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collection by ICAF Europe


Contributor: Ewa Czernuszewicz

Introduction: *
As a child, Christmas Eve was that magical time when the evening began when the first star was seen in the sky with the most important meal of the whole Christmas celebrations - Wigilia. Having been born in a refugee camp in England of Polish parents I was more Polish than those born in Poland! We moved out of the camp and continued living in England but we adhered to all Polish traditions with a passion. Preparation for Wigilia would start back in September when our normal looking garage attached to my parents' house in Yorkshire would be transformed inside into a culinary grotto. My friends would beg just a glimpse inside to see wooden barrels of herrings being salted, barrels of cabbage fermenting to make sauerkraut, cucumbers salted with dill, mushrooms which we had been to Scotland to collect, drying on net frames along with drying apples, pears and plums as well as a whole array of sausages hung from the wooden roof struts.

Wigilia is a meatless feast. Advent does not finish until midnight so according to Catholic traditions no meat can be eaten until then. All vegetables used for this meal would have been grown by my grandmother in a small allotment close to our house. About a week before December 24th a working frenzy would descend on the kitchen, beetroot to grate, potatoes to prepare, soured milk to be hung up in muslin bags to make a hard cottage cheese, poppy seeds to grind with honey, dried mushrooms to sort and grade, herrings to soak in fresh water over several days, not to mention the organising of fresh carp to be delivered on the day itself.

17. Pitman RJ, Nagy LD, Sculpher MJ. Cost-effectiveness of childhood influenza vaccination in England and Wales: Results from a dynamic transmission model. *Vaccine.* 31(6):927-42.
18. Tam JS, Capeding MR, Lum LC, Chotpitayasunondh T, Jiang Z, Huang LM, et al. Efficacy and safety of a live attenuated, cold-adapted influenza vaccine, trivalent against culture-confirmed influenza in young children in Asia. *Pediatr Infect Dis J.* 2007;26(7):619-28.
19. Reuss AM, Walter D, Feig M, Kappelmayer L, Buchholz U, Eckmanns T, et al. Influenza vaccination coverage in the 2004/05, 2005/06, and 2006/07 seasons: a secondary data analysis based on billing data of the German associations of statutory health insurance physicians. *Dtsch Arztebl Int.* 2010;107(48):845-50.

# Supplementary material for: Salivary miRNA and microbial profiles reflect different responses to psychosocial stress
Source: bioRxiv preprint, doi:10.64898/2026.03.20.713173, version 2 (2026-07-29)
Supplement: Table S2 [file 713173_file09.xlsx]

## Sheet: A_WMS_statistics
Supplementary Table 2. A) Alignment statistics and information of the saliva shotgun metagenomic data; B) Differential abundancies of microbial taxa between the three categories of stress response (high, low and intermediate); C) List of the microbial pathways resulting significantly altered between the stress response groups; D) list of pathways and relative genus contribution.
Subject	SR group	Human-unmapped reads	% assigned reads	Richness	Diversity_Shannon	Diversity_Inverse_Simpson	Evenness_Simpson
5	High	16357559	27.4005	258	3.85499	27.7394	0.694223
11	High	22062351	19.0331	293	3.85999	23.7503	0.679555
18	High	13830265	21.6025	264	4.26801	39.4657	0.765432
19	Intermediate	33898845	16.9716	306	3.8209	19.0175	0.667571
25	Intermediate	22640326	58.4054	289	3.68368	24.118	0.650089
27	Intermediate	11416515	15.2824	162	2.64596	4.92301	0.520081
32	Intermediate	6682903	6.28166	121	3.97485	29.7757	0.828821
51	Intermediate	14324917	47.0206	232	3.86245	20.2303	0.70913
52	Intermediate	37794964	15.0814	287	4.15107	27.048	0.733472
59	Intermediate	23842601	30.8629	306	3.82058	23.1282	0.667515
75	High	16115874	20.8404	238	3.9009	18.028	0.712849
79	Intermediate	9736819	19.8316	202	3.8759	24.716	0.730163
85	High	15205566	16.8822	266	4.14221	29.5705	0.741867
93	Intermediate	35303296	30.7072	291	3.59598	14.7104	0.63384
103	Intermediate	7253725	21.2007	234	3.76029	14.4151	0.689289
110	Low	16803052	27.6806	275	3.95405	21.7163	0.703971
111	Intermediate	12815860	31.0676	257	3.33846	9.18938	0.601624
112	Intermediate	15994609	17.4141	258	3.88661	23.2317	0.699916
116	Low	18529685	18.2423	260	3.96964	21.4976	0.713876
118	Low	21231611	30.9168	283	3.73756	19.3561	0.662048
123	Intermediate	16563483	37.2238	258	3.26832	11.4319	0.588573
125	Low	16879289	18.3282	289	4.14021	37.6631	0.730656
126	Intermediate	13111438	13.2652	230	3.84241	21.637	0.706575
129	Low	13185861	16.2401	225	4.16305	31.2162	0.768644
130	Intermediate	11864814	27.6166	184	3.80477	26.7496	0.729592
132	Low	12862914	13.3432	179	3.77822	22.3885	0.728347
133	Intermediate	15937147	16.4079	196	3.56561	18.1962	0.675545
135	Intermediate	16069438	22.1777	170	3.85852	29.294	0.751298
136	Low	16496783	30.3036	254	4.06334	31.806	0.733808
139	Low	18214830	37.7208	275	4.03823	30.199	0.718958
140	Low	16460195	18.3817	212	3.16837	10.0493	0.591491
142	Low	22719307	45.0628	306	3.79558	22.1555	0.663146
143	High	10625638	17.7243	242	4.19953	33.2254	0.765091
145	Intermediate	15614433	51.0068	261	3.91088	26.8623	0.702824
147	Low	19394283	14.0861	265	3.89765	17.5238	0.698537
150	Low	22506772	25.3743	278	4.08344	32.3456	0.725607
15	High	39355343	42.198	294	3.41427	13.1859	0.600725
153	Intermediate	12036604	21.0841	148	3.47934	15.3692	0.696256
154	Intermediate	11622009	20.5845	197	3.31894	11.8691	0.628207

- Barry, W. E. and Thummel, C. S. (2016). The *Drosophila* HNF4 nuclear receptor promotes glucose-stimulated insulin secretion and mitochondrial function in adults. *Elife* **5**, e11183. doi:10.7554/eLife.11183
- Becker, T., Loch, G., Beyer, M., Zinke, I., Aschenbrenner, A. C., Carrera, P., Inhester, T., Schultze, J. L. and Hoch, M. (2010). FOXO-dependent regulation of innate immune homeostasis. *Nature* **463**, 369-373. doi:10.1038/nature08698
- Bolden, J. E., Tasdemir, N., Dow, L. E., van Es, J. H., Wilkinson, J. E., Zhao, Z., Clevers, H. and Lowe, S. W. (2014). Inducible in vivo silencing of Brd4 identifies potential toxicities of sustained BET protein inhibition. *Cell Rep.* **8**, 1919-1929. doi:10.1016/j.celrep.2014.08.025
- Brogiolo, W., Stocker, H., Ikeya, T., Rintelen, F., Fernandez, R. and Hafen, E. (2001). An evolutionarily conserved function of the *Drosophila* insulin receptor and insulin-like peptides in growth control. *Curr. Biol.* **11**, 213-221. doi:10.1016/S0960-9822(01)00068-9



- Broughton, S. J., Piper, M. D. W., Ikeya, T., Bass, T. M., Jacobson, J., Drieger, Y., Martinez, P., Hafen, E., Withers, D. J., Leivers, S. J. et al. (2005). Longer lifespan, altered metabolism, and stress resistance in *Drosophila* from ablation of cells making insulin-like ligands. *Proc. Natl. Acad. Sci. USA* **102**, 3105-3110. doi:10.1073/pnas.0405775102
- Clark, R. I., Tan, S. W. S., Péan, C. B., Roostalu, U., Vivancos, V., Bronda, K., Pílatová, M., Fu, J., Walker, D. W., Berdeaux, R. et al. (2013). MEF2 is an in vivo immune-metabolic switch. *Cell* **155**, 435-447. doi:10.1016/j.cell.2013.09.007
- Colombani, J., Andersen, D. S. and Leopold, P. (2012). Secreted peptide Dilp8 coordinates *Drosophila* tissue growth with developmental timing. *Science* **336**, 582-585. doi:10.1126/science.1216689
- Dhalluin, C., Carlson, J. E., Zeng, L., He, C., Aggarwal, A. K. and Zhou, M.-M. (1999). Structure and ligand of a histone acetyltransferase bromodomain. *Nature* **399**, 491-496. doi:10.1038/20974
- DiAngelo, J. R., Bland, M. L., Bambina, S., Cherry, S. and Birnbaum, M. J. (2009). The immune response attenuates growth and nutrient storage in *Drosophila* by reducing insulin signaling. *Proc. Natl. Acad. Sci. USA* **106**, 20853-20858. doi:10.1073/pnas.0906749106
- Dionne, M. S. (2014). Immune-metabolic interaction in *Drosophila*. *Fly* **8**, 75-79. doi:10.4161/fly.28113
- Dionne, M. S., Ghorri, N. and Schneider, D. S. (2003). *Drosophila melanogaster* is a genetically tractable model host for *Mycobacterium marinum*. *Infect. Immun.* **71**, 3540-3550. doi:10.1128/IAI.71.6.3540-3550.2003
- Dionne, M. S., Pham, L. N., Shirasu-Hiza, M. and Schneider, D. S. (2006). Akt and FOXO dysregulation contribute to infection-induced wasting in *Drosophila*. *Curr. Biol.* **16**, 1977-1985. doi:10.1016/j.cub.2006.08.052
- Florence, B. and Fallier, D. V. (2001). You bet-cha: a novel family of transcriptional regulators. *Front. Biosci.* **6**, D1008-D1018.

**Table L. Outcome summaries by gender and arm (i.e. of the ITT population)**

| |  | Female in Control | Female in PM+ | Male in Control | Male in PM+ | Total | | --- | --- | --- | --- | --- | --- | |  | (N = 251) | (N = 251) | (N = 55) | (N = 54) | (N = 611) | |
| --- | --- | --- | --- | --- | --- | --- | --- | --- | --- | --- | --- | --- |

In our house Wigilia would consist of twelve courses beginning with barszcz (beetroot soup) followed by uszka (mushroom pasta parcels). A variety of herring dishes would follow, herrings with tomato puree, minced herrings with onions and oil and rollmop herrings with salted cucumber. Then would come the tureens of carp in an aspic jelly. Pierogi (Pasta cheese and potato parcels) would follow as the last savoury course. The fruit compote made from dried fruits would follow as well as other desert treats. Even though the food was always amazing, as children we were waiting for the last course of poppy seeds ground with honey poured over a sweet biscuit base because we knew that then Swiety Mikolaj (St Nicholas) would soon be visiting our house with our presents which he would leave under the Christmas tree!

* (c)Copyright 2008 Ewa Czernuszewicz, Helen Macbeth. Permission is hereby granted to reproduce and distribute copies of this Introduction to recipes for Poland solely for the purposes of non-profit domestic use or non-profit educational purposes in either case provided that copies are distributed at or below cost and that the author's source and copyright notice are included on each copy.